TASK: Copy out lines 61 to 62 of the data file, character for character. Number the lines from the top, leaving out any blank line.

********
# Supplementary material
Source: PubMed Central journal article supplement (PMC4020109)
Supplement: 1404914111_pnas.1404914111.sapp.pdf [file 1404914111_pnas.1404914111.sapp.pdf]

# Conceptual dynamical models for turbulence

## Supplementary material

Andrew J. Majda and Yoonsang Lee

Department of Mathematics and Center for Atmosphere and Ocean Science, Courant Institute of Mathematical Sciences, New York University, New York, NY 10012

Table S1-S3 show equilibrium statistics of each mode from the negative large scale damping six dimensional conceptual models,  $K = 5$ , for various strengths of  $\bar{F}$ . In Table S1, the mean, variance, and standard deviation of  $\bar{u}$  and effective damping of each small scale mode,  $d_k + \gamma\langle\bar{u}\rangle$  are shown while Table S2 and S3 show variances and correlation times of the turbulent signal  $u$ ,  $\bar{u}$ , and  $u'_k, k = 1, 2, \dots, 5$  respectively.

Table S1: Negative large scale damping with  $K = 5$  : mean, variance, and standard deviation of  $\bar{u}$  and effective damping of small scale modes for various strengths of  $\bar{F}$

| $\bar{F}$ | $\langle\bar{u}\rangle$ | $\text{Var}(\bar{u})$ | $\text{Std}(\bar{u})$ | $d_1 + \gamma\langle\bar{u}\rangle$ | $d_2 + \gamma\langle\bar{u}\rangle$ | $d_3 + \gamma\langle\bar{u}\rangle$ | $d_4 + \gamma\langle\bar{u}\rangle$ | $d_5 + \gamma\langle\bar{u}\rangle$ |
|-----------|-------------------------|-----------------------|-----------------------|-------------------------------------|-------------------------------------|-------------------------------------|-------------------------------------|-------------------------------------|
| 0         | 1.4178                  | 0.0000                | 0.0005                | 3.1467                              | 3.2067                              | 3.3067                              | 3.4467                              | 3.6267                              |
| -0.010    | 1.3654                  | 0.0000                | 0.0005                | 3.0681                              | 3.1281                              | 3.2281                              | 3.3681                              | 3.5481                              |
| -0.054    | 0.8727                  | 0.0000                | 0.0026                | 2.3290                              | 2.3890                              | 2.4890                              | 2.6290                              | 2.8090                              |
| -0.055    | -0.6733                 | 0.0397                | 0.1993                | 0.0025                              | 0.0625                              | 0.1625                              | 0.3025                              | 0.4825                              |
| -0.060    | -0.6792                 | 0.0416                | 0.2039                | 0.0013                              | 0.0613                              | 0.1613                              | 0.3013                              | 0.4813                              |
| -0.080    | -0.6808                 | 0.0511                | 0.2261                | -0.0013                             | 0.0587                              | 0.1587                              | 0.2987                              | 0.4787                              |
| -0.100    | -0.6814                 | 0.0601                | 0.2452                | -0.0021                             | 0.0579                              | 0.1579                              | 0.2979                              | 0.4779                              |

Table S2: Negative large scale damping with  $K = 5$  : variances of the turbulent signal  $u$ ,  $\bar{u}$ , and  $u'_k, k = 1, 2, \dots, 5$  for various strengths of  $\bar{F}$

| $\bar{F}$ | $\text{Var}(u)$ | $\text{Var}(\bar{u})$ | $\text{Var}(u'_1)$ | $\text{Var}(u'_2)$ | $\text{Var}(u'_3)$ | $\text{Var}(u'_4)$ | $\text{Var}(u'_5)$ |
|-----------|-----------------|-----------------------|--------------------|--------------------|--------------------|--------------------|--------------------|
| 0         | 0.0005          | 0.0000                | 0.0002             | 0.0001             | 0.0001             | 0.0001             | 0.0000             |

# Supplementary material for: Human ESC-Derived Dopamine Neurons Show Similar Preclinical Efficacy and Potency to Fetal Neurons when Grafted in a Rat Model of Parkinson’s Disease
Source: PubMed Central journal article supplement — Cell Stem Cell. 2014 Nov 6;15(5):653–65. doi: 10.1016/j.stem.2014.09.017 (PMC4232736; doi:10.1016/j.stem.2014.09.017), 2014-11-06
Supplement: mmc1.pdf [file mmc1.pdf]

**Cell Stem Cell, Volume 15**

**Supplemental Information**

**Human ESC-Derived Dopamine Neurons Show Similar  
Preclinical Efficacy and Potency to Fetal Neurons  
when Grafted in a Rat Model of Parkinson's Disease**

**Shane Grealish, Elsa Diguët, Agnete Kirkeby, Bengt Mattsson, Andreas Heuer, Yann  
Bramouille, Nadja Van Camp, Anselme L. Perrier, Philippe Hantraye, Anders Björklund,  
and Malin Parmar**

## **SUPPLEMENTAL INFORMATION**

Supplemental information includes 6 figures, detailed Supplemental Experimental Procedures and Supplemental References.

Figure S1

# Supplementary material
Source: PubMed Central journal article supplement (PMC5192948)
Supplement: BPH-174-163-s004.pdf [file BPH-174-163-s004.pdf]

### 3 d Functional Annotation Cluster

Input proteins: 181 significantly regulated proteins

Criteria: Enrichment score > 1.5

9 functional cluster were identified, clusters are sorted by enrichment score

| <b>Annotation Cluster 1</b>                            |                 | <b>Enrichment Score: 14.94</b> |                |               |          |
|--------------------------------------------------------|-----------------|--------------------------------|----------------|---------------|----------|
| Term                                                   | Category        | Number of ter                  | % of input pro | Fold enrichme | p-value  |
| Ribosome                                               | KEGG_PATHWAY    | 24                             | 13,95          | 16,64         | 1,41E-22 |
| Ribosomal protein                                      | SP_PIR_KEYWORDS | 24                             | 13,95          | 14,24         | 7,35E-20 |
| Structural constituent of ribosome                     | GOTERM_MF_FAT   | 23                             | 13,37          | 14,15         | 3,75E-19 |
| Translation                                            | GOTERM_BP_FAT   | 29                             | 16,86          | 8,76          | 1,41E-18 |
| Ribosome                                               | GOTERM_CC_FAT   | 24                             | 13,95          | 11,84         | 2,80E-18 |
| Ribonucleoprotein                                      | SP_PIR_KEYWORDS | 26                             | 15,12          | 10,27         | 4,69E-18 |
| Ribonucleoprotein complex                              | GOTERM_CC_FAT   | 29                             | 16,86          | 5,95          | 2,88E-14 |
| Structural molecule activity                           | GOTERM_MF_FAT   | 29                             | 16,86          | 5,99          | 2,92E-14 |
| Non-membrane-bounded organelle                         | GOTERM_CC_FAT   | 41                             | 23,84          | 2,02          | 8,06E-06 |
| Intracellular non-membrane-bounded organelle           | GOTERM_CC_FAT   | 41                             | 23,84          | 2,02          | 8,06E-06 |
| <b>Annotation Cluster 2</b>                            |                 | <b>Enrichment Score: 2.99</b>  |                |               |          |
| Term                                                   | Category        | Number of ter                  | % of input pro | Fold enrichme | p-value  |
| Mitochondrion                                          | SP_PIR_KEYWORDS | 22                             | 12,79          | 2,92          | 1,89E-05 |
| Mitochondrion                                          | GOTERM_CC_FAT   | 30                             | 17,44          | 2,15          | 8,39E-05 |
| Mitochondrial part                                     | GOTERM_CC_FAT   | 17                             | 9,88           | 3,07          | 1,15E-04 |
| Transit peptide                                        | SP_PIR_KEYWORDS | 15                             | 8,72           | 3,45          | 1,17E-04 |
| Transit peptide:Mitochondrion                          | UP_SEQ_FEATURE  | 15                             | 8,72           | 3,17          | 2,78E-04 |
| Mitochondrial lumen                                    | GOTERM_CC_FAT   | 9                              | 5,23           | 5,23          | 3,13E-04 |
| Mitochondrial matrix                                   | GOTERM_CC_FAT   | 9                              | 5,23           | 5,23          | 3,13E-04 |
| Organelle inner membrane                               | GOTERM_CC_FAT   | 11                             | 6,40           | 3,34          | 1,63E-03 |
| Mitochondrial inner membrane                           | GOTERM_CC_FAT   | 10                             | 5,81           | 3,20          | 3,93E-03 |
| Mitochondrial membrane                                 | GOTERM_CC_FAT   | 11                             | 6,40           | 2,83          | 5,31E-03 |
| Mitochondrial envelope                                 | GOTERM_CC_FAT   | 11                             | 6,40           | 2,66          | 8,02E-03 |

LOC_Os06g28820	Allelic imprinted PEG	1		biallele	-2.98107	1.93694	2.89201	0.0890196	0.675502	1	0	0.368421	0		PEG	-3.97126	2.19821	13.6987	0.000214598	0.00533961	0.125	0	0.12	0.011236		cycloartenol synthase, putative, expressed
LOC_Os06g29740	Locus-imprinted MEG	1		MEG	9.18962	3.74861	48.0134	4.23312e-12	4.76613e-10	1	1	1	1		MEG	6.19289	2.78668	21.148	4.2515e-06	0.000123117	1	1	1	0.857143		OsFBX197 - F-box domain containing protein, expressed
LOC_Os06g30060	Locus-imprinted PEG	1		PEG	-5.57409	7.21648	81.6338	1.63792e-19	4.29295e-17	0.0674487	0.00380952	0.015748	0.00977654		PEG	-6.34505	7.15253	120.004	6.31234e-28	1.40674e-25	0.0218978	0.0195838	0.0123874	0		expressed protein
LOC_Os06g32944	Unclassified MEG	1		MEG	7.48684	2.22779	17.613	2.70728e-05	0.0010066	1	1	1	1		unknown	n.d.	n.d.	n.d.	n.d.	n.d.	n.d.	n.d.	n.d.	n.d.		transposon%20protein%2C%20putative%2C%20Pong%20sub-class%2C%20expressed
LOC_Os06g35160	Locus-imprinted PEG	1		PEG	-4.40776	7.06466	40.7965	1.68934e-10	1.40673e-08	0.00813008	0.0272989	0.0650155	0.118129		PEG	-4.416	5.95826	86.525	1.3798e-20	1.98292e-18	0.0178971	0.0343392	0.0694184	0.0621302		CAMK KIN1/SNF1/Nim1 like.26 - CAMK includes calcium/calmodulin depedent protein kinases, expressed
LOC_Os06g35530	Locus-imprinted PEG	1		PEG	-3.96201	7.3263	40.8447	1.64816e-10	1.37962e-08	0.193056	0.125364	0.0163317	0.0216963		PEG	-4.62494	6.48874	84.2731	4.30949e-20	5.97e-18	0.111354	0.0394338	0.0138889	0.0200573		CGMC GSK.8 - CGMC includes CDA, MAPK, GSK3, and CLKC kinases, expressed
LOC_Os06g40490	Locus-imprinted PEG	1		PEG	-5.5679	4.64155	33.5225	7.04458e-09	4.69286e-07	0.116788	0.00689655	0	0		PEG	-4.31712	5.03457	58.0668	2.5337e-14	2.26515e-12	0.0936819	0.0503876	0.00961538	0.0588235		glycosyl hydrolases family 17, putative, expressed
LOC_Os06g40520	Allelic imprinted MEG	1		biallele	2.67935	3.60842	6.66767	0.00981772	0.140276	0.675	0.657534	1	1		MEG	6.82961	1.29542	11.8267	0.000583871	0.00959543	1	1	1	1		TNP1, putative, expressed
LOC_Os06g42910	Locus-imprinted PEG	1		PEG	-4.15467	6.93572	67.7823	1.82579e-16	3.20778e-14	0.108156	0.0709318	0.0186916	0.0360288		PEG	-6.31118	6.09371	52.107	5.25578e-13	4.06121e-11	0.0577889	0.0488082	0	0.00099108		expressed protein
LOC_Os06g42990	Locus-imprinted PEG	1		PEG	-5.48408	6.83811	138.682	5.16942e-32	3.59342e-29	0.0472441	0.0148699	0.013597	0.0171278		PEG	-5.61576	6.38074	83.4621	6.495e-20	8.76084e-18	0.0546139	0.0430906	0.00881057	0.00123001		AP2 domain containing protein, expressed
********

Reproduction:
| Mitochondrial part                                     | GOTERM_CC_FAT   | 17                             | 9,88           | 3,07          | 1,15E-04 |
| Transit peptide                                        | SP_PIR_KEYWORDS | 15                             | 8,72           | 3,45          | 1,17E-04 |